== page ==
Using the liver of mice, changes in the expression of fat-related cytokine mRNA genes and antioxidant and inflammatory cytokine mRNA genes were checked. The primers listed in (Table 3) were used in the experiments. Genes related to fat synthesis: PPARα (peroxisome polymer-activated receptor α), PPARγ (peroxisome polymer-activated receptor γ), CPT-2 (carnitine palmitoyl transferase 2), HSL (hormone-sensitive lipase), FABP4 (fatty Acid-Binding Protein 4) and ACC (acetyl-CoA carboxylase) was analyzed. As a result of PPARα analysis, compared to 1.49 ng/g in the HFD group, it decreased to 1.16 ng/g in the HLBPJ group, 0.61 ng/g in the HLBCO group, and 0.3 ng/g in the HLBAG group, and it decreased significantly in the HLBCO group and the HLBAG group (Fig. 5C). As a result of PPARγ analysis, the HLBPJ group was 1.23 ng/g, the HLBCO group was 0.68 ng/g, and the HLBAG group was 0.34 ng/g, which was significantly reduced in the HLBCO and HLBAG groups compared to 1.73 ng/g in the HFD group (Fig. 5B). Lipid metabolites are regulated by PPAR, and PPARα is expressed within hepatocytes, regulating fatty acid oxidation and lipid metabolism, reducing liver fat, and improving inflammation (Bougarne et al., 2018; Kersten, 2014). PPAR γ is a transcription factor that regulates adipocyte differentiation and lipid accumulation in adipose and muscle tissues (Inoue et al., 2005; Jones et al., 2005). In this study, mRNA expression of PPARα and PPARγ in the fermented liquid administration group can be significantly downregulated in the HLBAG group, thereby inhibiting adipocyte differentiation and lipid accumulation. As a result of the CPT-2 analysis, 1.02 ng/g in the HLBPJ group, 0.42 ng/g in the HLBCO group, and 0.42 ng/g in the HLBAG group decreased compared to 1.81 ng/g in the HFD group, and significantly decreased in the HLBCO and HLBAG groups (Fig. 5D). CPT-2 is an enzyme that regulates fatty acid oxidation in mitochondria, catalyzing dissociation of acyl-carnitine and recombination with acyl-CoA, which is involved in mitochondrial substrate fatty acid metabolism (Jiang et al., 2023; Thuillier et al., 2023). HSL is a hormone-sensitive lipolytic enzyme and is the most important enzyme in the neutrophil degradation phase of adipose tissue, and when HSL is activated, fat accumulation decreases (Althaher, 2022; Lan et al., 2019). As a result of HSL analysis, the HLBPJ group was 1.44 ng/g, the HLBCO group was 0.94 ng/g, and the HLBAG group was 0.17 ng, down from 1.76 ng/g in the HFD group, and down significantly in the HLBAG group (Fig. 5E). In this study, it was confirmed that mRNA of HSL was under-regulated in the fermented liquid administration group, and in particular, the HLBAG group was significantly reduced to increase fatty acid oxidation in adipose tissue and to degrade triglycerides to inhibit body fat accumulation. FABP4 is expressed in adipocytes, where fatty acids are delivered to adipocytes, and fatty acids are accumulated in the form of triglycerides (Furuhashi, 2019; Liu et al., 2022). As a result of analysis with FABP4, it was significantly decreased in HLBPJ group 0.39 ng/g, HLBCO group 0.54 ng/g, and HLBAG group 0.28 ng/g compared to HFD group 1.68 ng/g (Fig. 5F). In this study, mRNA expression was significantly reduced in the fermented liquid administration group, thereby inhibiting the differentiation and accumulation of neutral lipids. ACC regulates fatty acid metabolism, produces malonyl-CoA products when ACC is activated to become a new fatty acid component, and inhibits β-oxidation of carnitine by inhibiting the movement of fatty acyl groups from acyl-CoA to carnitine by carnitine acyltransferase (Kashyap et a l., 2023; Shi and Tu, 2015). As a result of ACC analysis, compared to 2.14 ng/g in the HFD group, 1.03 ng/g in the HLBPJ group, 0.82 ng/g in the HLBCO group, and 0.43 ng in the HLBAG group were significantly reduced (Fig. 5A). In this study, ACC mRNA expression was downregulated in the fermented liquid administration group, so obesity could prevent resistance. IL-1 is a cytokine produced by activated mononuclear cells that mediate inflammatory responses, and IL-1β can stimulate inflammatory cells by activating small amounts of CD4 T cells and B cells, but if IL-1 is made excessively, it acts as a hormone and causes fever and acute reactions (González et al., 2022; Mantovani et al., 2019; Teufel et al., 2022). In this study, the expression of IL-1β mRNA was lowered in the fermented liquid administration group, and in particular, the HLBAG group reduced the inflammatory response by inhibiting cytokine involved in the inflammatory response (Fig. 5H). Antioxidant-related genes Mn SOD and Cu/Zn SOD are analyzed for expression (Pérez-Torres et al., 2021). Mn SOD is a mitochondrial protein that converts hydrogen peroxide radicals formed by cellular respiration into hydrogen peroxide (Sato et al., 2022). Mn SOD is a mitochondrial protein that converts hydrogen peroxide radicals formed by cellular respiration into hydrogen peroxide (Liu et al., 2013). Cu/Zn SOD is an antioxidant enzyme that protects cells from oxidative stress (Lewandowski et al., 2019; Jomova et al., 2022). In this study, it was confirmed that Mn SOD and Cu/Zn SOD mRNA expression were downregulated in the fermented liquid administration group, especially in the HLBAG group (Figs. 5G, 5I).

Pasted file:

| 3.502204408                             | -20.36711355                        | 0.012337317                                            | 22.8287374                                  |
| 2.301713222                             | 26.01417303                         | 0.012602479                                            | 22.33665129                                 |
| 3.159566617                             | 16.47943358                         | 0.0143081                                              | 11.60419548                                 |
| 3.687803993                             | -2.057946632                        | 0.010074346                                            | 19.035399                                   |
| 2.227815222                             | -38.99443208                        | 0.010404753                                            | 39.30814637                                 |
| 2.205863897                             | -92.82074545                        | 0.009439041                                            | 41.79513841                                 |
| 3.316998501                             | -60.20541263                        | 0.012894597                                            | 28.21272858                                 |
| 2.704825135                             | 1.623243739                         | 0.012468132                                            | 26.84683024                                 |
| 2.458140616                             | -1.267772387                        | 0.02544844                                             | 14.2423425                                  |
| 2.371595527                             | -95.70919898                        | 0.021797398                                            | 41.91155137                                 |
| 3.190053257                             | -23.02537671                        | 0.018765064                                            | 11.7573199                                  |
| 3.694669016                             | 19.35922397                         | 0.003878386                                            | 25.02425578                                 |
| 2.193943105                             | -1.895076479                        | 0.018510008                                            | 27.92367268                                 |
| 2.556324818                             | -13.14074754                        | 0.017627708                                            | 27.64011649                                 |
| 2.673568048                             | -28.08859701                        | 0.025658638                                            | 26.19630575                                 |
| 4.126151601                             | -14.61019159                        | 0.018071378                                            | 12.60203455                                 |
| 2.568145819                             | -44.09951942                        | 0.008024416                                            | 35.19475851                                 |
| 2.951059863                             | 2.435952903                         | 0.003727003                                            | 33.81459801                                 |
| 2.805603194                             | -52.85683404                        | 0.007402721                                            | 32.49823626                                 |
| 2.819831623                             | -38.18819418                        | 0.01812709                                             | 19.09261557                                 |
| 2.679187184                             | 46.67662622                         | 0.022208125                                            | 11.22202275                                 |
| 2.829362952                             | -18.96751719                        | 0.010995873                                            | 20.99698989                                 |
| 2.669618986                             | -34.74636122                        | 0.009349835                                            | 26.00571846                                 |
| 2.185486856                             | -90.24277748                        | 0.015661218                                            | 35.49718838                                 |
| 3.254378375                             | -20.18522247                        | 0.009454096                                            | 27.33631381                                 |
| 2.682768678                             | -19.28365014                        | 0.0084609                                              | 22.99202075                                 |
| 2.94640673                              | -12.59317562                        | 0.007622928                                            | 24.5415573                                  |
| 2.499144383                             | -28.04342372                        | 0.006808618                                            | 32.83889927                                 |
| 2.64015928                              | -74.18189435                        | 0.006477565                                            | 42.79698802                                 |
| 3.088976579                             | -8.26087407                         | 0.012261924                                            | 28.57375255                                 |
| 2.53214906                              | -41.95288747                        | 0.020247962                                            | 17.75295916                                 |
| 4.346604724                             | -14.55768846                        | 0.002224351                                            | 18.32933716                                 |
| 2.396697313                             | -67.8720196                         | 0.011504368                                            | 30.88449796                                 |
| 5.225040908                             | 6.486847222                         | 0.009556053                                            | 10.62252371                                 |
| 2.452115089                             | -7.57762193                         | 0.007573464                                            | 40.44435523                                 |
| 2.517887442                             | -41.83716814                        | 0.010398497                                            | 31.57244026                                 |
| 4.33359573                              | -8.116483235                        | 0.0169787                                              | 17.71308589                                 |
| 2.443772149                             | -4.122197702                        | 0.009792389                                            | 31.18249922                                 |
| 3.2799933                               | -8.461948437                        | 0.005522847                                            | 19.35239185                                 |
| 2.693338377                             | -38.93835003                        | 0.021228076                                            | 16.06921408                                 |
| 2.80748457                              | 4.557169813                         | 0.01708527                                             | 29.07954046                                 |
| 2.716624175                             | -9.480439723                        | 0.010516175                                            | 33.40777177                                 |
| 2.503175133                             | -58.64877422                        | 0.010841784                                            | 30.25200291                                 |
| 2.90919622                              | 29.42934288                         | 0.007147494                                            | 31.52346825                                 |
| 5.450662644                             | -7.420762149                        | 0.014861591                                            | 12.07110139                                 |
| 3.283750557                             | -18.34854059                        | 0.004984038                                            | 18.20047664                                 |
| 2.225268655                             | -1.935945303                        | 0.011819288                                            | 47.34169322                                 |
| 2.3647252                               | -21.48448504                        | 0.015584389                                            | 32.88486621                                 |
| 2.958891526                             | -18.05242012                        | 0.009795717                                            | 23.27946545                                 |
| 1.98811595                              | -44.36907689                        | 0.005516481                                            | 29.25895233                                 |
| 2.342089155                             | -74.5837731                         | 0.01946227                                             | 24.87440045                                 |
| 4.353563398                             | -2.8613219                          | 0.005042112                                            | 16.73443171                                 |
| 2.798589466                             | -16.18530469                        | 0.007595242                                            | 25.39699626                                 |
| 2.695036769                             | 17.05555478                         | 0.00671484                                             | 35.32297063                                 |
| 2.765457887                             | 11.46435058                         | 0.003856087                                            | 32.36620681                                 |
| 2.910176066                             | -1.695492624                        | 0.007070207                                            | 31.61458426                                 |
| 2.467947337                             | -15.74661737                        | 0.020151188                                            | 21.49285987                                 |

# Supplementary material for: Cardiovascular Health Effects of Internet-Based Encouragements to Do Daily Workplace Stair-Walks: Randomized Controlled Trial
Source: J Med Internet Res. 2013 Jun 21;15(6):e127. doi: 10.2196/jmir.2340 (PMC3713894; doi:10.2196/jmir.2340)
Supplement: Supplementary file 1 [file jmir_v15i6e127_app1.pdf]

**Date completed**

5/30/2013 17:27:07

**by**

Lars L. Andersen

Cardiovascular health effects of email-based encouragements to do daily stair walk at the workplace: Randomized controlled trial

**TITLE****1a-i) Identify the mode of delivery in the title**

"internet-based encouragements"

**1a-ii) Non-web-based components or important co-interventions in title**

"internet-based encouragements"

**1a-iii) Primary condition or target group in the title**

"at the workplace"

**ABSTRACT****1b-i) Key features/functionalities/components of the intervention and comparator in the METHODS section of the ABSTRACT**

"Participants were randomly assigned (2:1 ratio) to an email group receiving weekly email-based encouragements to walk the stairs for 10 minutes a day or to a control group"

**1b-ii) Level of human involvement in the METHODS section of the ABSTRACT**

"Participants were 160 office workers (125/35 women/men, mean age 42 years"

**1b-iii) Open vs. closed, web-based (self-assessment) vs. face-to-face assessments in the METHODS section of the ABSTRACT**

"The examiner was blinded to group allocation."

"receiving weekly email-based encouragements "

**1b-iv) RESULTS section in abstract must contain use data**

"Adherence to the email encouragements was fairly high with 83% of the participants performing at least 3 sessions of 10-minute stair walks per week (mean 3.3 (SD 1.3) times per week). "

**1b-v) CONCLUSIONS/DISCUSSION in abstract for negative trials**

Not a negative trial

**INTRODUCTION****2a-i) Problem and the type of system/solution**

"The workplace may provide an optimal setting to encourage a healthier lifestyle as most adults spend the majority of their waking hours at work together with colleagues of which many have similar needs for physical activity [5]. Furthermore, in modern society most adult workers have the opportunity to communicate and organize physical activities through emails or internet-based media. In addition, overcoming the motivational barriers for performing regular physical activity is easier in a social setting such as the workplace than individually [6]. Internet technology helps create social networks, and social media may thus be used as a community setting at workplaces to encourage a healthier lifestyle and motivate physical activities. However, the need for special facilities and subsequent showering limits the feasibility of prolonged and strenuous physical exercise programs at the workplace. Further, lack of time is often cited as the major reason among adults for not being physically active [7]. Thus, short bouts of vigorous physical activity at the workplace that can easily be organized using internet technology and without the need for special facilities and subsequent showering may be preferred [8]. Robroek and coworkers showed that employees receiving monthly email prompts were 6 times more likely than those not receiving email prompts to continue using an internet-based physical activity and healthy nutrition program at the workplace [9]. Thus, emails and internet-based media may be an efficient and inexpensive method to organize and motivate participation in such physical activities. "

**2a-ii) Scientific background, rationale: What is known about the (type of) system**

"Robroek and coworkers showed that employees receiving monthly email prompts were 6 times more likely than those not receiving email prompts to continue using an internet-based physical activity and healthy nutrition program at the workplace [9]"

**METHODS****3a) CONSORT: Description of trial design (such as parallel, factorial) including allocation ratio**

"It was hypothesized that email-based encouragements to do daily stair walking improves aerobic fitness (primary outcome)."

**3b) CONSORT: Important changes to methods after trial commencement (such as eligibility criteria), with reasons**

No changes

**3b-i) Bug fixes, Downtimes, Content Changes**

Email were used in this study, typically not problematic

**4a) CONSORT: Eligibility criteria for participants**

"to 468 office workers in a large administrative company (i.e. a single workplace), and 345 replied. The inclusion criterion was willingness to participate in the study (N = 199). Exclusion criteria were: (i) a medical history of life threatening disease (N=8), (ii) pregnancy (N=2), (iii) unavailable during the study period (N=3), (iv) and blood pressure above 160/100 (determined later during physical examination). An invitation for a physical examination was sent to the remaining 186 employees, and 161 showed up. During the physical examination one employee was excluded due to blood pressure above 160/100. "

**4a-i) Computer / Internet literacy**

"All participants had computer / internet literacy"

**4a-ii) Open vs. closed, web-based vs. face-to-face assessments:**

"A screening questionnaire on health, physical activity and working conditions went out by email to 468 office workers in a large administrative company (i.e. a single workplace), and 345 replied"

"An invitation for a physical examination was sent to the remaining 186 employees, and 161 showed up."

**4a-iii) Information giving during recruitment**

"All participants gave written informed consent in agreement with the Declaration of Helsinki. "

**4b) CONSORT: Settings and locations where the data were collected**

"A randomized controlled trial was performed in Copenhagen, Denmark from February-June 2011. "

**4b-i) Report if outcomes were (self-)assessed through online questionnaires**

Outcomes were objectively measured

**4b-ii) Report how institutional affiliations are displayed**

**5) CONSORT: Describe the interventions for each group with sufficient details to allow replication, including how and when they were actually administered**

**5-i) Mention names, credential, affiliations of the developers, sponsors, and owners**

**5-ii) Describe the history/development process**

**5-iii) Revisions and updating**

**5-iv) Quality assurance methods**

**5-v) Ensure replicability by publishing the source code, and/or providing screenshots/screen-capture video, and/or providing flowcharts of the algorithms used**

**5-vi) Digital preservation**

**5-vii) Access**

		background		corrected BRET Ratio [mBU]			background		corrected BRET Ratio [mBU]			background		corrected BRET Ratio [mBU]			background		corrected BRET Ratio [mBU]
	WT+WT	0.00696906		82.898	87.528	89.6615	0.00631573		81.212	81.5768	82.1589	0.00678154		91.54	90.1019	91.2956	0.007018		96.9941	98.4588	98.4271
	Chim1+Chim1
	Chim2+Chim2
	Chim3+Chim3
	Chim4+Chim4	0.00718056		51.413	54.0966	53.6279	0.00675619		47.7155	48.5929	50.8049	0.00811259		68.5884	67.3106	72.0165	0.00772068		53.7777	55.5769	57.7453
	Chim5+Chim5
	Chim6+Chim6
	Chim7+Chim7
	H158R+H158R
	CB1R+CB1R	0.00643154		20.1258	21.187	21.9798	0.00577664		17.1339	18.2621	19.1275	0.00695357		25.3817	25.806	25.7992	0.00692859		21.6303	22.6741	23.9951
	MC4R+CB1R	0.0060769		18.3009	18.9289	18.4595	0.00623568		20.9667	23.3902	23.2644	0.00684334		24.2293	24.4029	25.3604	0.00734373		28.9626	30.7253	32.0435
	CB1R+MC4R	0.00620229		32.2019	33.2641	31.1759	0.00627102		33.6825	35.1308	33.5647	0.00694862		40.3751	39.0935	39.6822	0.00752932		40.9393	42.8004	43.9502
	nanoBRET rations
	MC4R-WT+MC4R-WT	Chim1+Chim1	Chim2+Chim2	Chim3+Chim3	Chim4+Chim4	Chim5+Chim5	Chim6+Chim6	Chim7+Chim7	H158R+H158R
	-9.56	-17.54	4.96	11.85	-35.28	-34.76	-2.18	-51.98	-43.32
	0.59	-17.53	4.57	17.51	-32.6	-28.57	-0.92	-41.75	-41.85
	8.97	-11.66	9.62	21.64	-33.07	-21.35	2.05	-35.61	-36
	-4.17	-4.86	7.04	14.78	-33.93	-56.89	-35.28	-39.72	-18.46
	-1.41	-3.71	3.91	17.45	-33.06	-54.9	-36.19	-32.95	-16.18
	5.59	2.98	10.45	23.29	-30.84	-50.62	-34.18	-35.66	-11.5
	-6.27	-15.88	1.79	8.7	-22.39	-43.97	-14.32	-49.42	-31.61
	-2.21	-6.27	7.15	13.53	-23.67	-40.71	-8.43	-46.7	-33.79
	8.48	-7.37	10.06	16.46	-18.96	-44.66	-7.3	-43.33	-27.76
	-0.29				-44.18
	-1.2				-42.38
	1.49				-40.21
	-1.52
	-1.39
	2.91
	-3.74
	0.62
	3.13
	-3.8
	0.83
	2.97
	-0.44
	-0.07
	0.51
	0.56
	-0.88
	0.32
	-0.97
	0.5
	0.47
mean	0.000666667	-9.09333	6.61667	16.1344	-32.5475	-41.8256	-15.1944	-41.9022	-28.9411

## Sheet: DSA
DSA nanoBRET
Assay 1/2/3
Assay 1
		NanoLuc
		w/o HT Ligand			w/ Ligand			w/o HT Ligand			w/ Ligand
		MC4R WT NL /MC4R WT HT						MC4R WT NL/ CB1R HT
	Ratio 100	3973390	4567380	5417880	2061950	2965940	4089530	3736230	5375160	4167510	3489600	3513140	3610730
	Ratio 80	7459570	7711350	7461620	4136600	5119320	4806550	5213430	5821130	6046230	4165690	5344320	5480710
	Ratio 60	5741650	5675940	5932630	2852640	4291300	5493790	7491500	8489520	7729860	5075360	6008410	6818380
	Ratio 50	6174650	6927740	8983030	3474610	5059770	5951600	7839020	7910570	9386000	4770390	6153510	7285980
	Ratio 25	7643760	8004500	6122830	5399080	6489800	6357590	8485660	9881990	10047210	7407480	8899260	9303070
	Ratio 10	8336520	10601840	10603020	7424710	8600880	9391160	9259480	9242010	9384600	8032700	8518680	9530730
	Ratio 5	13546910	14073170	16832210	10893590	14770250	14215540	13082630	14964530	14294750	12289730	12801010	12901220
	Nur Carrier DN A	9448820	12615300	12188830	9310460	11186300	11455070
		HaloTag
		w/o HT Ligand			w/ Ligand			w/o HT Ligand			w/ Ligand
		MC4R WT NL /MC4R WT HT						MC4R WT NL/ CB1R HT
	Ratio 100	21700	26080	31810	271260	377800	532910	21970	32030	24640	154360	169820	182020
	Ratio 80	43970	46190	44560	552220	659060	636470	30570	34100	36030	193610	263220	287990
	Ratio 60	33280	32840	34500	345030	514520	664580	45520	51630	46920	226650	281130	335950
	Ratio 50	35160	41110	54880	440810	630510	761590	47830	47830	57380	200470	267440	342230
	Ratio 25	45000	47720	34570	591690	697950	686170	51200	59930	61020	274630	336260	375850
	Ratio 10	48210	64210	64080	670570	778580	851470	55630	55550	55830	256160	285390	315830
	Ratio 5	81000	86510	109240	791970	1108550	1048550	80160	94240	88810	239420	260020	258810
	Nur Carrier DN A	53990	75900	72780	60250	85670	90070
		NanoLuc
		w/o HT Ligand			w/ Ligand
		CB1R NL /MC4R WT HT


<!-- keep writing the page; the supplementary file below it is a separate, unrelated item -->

In this study, we confirmed that LBPJ, LBCO, and LBAG, fermentants obtained by fermenting PJ, CO, and AG extracts using Lactobacillus, decomposes or modifies drug components through the metabolism of Lactobacillus and produces beneficial compounds of Lactobacillus itself. When the fermented liquid was administered, the expression of genes involved in liver fat synthesis was significantly reduced, and the liver fat content in the body of mice fed a high-fat diet was significantly reduced. The reduction of inflammatory cytokines in fermentants LBPJ, LBCO, and LBAG helps regulate lipid synthesis and expression of inflammation-related genes, thereby increasing hepatic β-oxidation of fatty acids. Fermented liquid has the effect of inhibiting the growth of fat cells, and in particular, LBCO fermented liquid helps prevent obesity by reducing body fat and blood sugar levels.